It’s amusing to listen to Wall Street pundits talk about “tech” companies, as though technology firms constitute a separate sector. It resembles how someone in the early 20th century would have sounded if they were talking about “electricity companies.” Just as all companies in the early 20th century had no choice but to become “electricity companies”, so all firms today have no choice but to give priority to bytes over atoms and become technology companies. Bytes are quicker, cheaper, lighter and ultimately more valuable. Change or die.
Thus, a car has gone from being a transportation device to becoming a computer on wheels. The quality of the car’s infotainment system has become at least as important as its driving characteristics in determining a car’s interest to customers. The automotive industry is at an inflection point in which software-based innovation is beginning to take over the electromechanical aspects of the automobile.
While executives all see that the future is electric and digital, they often miss that the new technology has to be managed differently.
Although they missed this insight for many years, the stock market has now made it embarrassingly clear. Thus Tesla’s market capitalization ($554 billion) is greater than that of Volkswagen, Daimler, BMW, and Toyota combined ($445 billion). How Tesla is able to move so much more nimbly than its much larger competitors is the story told by Charles Morris in his book, Tesla: How Elon Musk and Company Made Electric Cars Cool, and Remade the Automotive and Energy Industries (September 2020).
It is preposterous to some that Tesla, which has been making no more than 300,000 cars a year, could possibly be more valuable than firms that collectively make around 25 million cars per year. The stock market, which measures future profits more than past performance, is signaling its belief that the future of the car industry rests with Tesla, not the current major players. While the stock market is sometimes wrong, this book explains why that thinking, in the case of Tesla, might well be right.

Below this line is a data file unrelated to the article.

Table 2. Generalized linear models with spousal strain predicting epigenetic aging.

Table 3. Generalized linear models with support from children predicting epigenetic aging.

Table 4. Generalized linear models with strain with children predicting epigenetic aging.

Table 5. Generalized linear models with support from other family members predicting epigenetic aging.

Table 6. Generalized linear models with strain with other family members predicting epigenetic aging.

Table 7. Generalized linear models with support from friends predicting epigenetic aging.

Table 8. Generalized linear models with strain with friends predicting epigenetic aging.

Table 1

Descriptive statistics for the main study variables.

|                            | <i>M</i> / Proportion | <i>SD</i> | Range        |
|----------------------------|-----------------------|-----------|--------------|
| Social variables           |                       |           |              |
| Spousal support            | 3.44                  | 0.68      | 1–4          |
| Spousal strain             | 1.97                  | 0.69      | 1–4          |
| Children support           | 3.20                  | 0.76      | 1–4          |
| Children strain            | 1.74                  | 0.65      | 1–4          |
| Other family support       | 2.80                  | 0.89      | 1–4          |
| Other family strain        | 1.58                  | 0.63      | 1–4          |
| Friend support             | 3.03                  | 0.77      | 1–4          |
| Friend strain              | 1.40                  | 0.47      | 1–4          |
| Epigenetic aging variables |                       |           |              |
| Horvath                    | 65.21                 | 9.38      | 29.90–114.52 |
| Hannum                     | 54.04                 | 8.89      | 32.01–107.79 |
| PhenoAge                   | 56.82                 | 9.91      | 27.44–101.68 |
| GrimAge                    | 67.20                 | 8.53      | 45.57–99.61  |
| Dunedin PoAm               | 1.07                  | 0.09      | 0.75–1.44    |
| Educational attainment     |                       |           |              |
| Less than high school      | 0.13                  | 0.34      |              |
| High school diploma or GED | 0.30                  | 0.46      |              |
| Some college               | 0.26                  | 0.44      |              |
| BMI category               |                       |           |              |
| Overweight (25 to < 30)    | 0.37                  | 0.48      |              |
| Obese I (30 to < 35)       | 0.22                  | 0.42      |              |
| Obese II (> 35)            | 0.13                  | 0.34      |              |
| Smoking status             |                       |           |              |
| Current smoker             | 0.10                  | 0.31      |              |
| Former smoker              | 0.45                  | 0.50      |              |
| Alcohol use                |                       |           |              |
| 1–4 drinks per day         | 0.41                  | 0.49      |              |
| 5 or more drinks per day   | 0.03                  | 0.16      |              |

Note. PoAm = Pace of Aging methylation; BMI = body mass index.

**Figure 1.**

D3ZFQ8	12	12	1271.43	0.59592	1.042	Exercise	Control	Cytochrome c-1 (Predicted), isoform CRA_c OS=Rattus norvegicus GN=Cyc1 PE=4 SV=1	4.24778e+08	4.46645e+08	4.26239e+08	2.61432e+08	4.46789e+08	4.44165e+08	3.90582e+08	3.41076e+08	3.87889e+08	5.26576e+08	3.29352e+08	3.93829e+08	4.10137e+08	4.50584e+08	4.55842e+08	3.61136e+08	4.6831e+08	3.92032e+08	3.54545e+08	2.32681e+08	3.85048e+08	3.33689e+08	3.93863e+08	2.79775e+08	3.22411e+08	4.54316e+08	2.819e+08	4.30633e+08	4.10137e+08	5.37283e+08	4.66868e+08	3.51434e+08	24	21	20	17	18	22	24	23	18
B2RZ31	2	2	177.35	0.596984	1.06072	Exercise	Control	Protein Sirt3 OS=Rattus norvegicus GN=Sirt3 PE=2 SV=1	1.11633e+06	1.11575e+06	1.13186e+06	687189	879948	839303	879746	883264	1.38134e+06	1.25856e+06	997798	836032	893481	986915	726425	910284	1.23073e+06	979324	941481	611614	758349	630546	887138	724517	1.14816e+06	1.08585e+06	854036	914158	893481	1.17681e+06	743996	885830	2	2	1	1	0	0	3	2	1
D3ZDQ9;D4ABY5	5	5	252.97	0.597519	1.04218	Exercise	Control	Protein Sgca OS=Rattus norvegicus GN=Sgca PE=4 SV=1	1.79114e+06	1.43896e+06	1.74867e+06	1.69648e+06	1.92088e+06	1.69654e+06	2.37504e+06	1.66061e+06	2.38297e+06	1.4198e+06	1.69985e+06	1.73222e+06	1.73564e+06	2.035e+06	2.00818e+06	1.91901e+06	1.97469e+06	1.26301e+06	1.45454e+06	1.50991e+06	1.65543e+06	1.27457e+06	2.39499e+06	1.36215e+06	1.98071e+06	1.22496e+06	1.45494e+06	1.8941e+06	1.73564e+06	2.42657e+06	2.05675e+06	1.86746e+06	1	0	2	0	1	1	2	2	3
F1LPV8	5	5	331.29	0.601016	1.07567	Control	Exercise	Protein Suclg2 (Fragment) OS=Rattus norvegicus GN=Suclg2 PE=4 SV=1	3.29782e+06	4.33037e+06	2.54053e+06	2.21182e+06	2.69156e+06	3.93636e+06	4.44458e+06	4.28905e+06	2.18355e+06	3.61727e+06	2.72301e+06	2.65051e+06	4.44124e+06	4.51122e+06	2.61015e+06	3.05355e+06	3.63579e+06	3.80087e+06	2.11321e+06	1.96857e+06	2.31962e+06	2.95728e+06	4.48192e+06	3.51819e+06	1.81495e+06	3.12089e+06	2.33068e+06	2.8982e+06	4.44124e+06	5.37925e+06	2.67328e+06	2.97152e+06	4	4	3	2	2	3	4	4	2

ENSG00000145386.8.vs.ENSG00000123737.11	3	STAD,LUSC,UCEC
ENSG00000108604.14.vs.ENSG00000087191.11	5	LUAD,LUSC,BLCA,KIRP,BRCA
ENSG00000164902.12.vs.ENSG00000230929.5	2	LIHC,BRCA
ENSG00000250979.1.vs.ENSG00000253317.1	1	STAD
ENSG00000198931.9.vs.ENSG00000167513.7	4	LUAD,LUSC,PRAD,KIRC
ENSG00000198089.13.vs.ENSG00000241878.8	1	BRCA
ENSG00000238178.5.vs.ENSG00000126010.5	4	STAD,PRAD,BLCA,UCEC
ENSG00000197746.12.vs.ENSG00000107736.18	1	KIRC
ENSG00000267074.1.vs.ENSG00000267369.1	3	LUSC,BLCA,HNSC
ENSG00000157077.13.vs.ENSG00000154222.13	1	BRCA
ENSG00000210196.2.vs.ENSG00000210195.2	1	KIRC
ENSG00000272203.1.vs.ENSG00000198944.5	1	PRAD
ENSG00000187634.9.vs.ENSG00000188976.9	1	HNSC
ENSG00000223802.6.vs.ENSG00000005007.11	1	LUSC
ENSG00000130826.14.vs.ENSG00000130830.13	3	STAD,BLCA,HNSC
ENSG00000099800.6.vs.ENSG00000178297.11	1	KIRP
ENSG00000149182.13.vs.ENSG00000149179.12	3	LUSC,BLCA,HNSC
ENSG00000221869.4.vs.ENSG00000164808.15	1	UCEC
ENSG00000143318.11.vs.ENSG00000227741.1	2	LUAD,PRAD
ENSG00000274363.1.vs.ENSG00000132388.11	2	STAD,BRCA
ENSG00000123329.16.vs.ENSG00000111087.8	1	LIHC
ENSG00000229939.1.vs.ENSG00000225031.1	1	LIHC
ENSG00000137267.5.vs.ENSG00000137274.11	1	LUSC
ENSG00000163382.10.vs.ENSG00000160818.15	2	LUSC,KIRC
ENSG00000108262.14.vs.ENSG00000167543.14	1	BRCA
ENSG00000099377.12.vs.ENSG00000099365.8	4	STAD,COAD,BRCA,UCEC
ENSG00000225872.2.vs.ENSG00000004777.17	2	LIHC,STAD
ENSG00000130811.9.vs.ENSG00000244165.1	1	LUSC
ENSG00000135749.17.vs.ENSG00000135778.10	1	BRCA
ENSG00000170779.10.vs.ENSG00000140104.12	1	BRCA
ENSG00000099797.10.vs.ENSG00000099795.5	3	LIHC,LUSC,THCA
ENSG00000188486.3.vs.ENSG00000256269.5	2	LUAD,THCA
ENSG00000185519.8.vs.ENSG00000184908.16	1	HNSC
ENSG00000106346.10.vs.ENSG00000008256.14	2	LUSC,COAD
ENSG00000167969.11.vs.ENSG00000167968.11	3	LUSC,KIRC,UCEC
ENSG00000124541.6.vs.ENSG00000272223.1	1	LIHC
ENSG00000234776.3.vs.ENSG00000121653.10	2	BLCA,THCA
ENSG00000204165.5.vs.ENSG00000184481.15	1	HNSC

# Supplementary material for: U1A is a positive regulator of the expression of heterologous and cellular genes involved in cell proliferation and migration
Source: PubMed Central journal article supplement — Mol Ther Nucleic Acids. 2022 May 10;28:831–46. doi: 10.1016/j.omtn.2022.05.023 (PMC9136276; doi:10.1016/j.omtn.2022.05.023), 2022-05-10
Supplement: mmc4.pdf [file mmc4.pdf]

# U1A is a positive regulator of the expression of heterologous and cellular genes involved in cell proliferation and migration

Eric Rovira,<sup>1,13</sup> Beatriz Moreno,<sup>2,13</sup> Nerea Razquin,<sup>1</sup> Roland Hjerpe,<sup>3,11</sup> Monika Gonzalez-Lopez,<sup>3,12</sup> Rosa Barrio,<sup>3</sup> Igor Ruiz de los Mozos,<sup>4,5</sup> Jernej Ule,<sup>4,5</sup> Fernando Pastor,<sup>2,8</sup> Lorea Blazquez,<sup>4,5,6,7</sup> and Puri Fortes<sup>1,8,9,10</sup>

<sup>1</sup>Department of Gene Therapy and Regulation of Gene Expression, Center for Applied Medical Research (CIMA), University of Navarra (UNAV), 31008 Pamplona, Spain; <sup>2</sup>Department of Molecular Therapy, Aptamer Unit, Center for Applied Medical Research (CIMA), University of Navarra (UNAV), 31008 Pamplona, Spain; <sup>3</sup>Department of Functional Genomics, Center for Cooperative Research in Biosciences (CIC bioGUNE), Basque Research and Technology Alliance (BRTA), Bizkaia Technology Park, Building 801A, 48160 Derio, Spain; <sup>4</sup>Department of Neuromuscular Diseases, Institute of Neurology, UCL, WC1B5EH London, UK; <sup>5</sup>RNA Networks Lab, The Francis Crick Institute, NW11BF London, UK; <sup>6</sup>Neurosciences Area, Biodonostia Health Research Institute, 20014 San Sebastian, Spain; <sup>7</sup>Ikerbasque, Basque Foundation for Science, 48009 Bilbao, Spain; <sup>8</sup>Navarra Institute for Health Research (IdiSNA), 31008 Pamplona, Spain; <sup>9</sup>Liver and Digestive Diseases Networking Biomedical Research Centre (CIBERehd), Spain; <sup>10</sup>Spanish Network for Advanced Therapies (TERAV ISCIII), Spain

The Flow System
While Morris tells the story of Elon Musk and Tesla in detail, a more systematic account of why even a perfectionist firm like Toyota is having to change the way it is managed is given in The Flow System: The Evolution of Agile and Lean Thinking in an Age of Complexity (Aquiline Books|UNT, 2020) by John Turner, Nigel Thurlow and Brian Rivera.
Building on the experience of the Toyota Production System, the authors explain how auto firms must rethink their whole approach to operations with a “flow system” designed to enable organizations to manage and operate in complex environments. It is a framework for creativity and innovation, for tackling highly complex problems (even wicked problems), and for providing the highest level of value to the customer with the quickest turnaround time possible. The book highlights the centrality of the customer. It shows the role of complexity thinking, distributed leadership and team science.
Household appliances were the quintessential 20th century product and the sector was among the most commercially boring, until the Chinese firm, the Haier Group in China, showed what is possible when entrepreneurship and innovation are taken seriously at scale. Starting from a tiny bankrupt refrigerator factory in 1984, Haier is now the world’s largest appliance manufacturer. It has an estimated brand value of $16 billion and revenues in 2019 of $28 billion. How did that happen?
One might have expected in communist China that the management model would be even more top-down than in the West. Yet it’s actually the opposite. In The Haier Model: Reinventing A Multinational Giant In The New Network Era (LID Publishing, 2018), Cao Yangfeng explains that Haier is a hotbed of innovation, decentralized entrepreneurship and customer focus. Yangfeng not only gives the details of the Haier story, but also explains the underlying blend of Western and Chinese philosophy that drives Haier’s founder and chief executive Zhang Ruimin and his belief that “the team should be developed before any product is produced.” A company without culture, chairman Zhang says, “is like a human without a soul: culture should precede strategy.” The trick is “seamlessly combining culture, strategy and execution.”
The guiding principle or philosophy for Haier is the RenDanHeYi model. The book explains that “Ren” refers to entrepreneur, with the spirit of entrepreneurship and innovation; “Dan” refers to customer value; “HeYi” refers to the integration of entrepreneurs’ value realization and customer value creation. “The basic meaning of the RenDanHeYi Model is that each entrepreneur creates value directly for customers while also realizing and maximizing his or her own value.”